Indians 4, Angels 1(14)

The Cleveland Indians used every pitcher in their bullpen and

every defensive trick in the book to hold off the Los Angeles

Angels while the innings stretched deep into the night.

After an unlikely power source finally ended Cleveland’s

offensive slumber, the Indians’ pitching and defense came through

one last time in a win worth staying up late to see.

Drew Stubbs hit a two-run homer in the 14th inning, and the

Indians outlasted the Angels 4-1 Tuesday night to gain ground in

the AL playoff race.

Carlos Santana hit a tying homer in the seventh for the Indians,

who managed just four hits in the first 12 innings.

But with 13 consecutive scoreless innings thrown by nine

pitchers, Cleveland pulled within 5 1/2 games of AL Central leader

Detroit and 3 1/2 games of wild-card leader Oakland after both

teams lost earlier.

”We were grinding all night,” Stubbs said. ”Ultimately,

pitching and defense wins games. If they don’t score, you don’t

lose.”

Lonnie Chisenhall got the Indians going with a one-out single in

the 14th off Joe Blanton (2-14), the Angels’ seventh pitcher.

Stubbs, the Indians’ No. 9 hitter, was 0 for 4 with a walk before

connecting for his first homer since July 4.

Michael Bourn then singled and scored from second on Blanton’s

throwing error, adding another cushion for Carlos Carrasco (1-4),

who pitched the final two innings. He set off cheers from a small

group of hearty fans behind Cleveland’s dugout when he got Chris

Nelson on a comebacker with two runners on to end the 5-hour,

17-minute game.

”We weren’t giving in,” said Bourn, who made a leaping catch

at the center-field wall in the 12th to rob Hank Conger of a sure

game-ending hit. ”It’s easy to give in at that time when it’s 14

or 15 innings, but we really wanted to win.”

Manager Terry Francona praised his team’s tenacity, even while

reminding his players they had to be back at Angel Stadium in

roughly 12 hours for the series finale.

”That was just a really fun game to be a part of,” Francona

said. ”There wasn’t much offense going on, but both teams came to

play. The guys kept playing. It’s easy to lose focus or get tired

in a situation like that, but they gave us a chance to keep

playing.”

The Indians’ excitement was matched by the misery of the Angels’

latest indignity in their awful season. Los Angeles, which has lost

eight of 10, stranded 17 runners – 13 after the sixth inning,

including two in the final frame.

J.B. Shuck hit a leadoff homer more than five hours before the

final out, but the Angels couldn’t score again despite 12 hits,

striking out a season-high 18 times and going 1 for 13 with runners

in scoring position. The Angels repeatedly were one hit away from a

sure victory – and every time, the Indians snatched it away.

”The less games we have like this in the future, the better,”

said C.J. Wilson, who pitched into the eighth inning of a superb

start. ”This is a crushing loss, especially the way our relievers

came in for the first couple of extra innings and did well.”

Both teams had ample opportunities to score late, and the

Indians made several remarkable escapes.

Wilson and reliever Dane De La Rosa walked the bases loaded in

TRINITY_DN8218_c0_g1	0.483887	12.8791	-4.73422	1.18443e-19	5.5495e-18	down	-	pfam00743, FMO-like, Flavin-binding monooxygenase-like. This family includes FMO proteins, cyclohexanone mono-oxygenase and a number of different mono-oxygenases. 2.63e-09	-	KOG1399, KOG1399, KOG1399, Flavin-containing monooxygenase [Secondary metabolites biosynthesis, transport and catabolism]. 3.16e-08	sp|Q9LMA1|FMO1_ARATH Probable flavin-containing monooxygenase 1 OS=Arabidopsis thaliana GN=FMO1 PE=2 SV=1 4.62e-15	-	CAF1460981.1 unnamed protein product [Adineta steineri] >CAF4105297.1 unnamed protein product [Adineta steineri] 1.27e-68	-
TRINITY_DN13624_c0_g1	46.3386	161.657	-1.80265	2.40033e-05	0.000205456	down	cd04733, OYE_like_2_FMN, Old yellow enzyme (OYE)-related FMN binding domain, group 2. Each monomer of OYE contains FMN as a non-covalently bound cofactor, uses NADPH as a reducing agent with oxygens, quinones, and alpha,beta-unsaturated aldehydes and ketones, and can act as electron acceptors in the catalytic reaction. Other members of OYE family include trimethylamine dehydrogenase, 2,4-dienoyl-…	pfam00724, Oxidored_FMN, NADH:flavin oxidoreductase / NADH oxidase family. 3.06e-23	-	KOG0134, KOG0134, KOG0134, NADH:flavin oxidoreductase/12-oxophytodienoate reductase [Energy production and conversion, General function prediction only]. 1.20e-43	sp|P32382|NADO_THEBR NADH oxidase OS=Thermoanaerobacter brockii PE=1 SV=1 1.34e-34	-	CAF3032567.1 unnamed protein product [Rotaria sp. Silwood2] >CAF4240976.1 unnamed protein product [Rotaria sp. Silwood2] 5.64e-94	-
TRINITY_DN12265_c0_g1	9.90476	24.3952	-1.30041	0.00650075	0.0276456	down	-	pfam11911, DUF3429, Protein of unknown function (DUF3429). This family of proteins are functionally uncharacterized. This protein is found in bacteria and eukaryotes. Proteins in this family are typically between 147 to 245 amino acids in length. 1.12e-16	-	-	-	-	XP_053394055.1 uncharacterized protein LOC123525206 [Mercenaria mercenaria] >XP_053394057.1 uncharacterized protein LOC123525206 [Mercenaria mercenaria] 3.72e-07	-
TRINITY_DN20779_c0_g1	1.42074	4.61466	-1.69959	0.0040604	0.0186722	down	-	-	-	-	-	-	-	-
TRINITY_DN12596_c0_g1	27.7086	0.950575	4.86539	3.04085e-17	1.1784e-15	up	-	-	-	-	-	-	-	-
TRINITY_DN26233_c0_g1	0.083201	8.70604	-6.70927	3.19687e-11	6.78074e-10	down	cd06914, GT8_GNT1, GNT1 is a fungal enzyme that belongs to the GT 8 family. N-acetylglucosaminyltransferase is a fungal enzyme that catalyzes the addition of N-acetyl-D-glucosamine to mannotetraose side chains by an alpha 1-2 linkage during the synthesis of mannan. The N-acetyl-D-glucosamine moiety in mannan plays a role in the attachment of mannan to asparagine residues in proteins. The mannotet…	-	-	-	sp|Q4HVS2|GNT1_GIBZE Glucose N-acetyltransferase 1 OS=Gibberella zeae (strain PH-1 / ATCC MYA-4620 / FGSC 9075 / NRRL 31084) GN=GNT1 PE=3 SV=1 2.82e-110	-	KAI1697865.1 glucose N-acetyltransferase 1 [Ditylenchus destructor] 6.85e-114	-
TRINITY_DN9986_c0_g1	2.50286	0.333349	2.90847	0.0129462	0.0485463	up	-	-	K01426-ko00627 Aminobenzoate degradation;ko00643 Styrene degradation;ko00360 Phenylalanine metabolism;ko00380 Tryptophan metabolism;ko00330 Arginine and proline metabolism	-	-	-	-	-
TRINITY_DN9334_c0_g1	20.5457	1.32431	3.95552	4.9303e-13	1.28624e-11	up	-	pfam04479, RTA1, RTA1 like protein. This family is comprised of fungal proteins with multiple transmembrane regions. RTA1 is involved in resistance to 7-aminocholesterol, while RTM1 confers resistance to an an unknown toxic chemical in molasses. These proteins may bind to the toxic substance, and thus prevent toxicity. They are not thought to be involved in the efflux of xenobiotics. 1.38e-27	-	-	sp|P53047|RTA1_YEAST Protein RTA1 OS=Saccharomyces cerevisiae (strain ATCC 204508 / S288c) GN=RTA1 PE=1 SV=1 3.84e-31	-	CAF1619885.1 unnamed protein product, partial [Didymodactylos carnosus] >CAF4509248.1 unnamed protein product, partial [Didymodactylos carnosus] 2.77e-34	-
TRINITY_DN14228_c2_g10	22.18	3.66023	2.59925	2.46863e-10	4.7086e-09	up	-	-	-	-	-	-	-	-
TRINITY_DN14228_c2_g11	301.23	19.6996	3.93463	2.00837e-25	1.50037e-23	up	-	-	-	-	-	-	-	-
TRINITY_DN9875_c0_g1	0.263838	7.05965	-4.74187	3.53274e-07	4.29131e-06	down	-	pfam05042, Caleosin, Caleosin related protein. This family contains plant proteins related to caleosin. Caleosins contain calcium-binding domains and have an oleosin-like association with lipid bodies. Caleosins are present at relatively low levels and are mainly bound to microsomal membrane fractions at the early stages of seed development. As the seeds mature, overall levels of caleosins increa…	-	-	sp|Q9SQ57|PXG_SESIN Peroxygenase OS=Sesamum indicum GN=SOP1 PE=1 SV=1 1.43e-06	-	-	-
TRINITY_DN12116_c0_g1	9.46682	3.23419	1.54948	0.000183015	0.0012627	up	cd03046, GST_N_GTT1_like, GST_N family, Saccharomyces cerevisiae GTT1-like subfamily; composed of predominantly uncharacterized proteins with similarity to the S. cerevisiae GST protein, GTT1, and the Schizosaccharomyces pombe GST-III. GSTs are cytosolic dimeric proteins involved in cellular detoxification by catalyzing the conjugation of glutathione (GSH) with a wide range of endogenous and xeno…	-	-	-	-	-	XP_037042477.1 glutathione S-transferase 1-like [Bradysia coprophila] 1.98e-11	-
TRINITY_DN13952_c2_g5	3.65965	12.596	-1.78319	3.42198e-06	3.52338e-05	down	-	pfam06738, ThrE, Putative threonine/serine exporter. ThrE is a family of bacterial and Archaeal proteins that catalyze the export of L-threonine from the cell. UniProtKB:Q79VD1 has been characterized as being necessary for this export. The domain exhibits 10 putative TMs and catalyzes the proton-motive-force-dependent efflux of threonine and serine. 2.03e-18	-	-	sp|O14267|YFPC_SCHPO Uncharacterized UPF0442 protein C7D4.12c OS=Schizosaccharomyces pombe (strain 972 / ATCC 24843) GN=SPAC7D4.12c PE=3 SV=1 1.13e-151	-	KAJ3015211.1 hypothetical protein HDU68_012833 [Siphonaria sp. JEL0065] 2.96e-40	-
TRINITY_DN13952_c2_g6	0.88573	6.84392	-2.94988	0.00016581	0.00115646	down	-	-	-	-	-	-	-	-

the eighth, but De La Rosa struck out Yan Gomes to end it. Josh

Hamilton then got picked off second base in the eighth, preventing

Kole Calhoun’s single from driving him home moments later.

The Angels stranded two more runners in the ninth when Asdrubal

Cabrera made an impressive play on Erick Aybar’s grounder at

shortstop to force extra innings.

Hamilton, Mark Trumbo and Calhoun loaded the bases with nobody

out in the 10th, but relievers Matt Albers, Rich Hill and Bryan

Shaw each got one out, with Shaw striking out Grant Green.

The Angels then got two runners on with two outs in the 12th,

but Bourn leaped to rob Conger, glancing off the center-field wall

as he landed.

The Angels outpitched the Indians’ group until they got to

Blanton, who leads the AL with 29 homers allowed in his miserable

season – even though he lost his spot in Los Angeles’ rotation last

month.

Wilson yielded four hits and struck out five, but rookie Danny

Salazar pitched three-hit ball into the sixth inning in his fourth

major league start for Cleveland, and his bullpen was

impenetrable.

”We just didn’t come through with those opportunities that we

had,” Wilson said. ”That’s the most frustrating part of the game,

because we wouldn’t have played so many innings if we scored one

more run.”

Mike Trout sat out his second straight game for Los Angeles,

resting his tight right hamstring.

Wilson kept the Indians down until Santana led off the seventh

with his 15th homer. Peter Bourjos lost his glove over the wall

while trying to make the catch – so the Angels’ center fielder

scaled the wall, leaped over to get the glove back and climbed back

onto the field.

Los Angeles’ much-maligned bullpen retired 10 straight batters

before Santana drew a two-out walk in the 13th and hustled to third

on Gomes’ single to left, but Cabrera flied out.

NOTES: Trout got hurt during Sunday’s loss to Houston, forcing

him to miss consecutive games for the first time in the past two

seasons. The All-Star outfielder had skipped just one game all

season before this series. … Angels C Chris Iannetta snapped an

0-for-13 skid with a seventh-inning single, but Bourjos went

hitless in six at-bats to drop to 0 for 18 since his return from a

broken right wrist.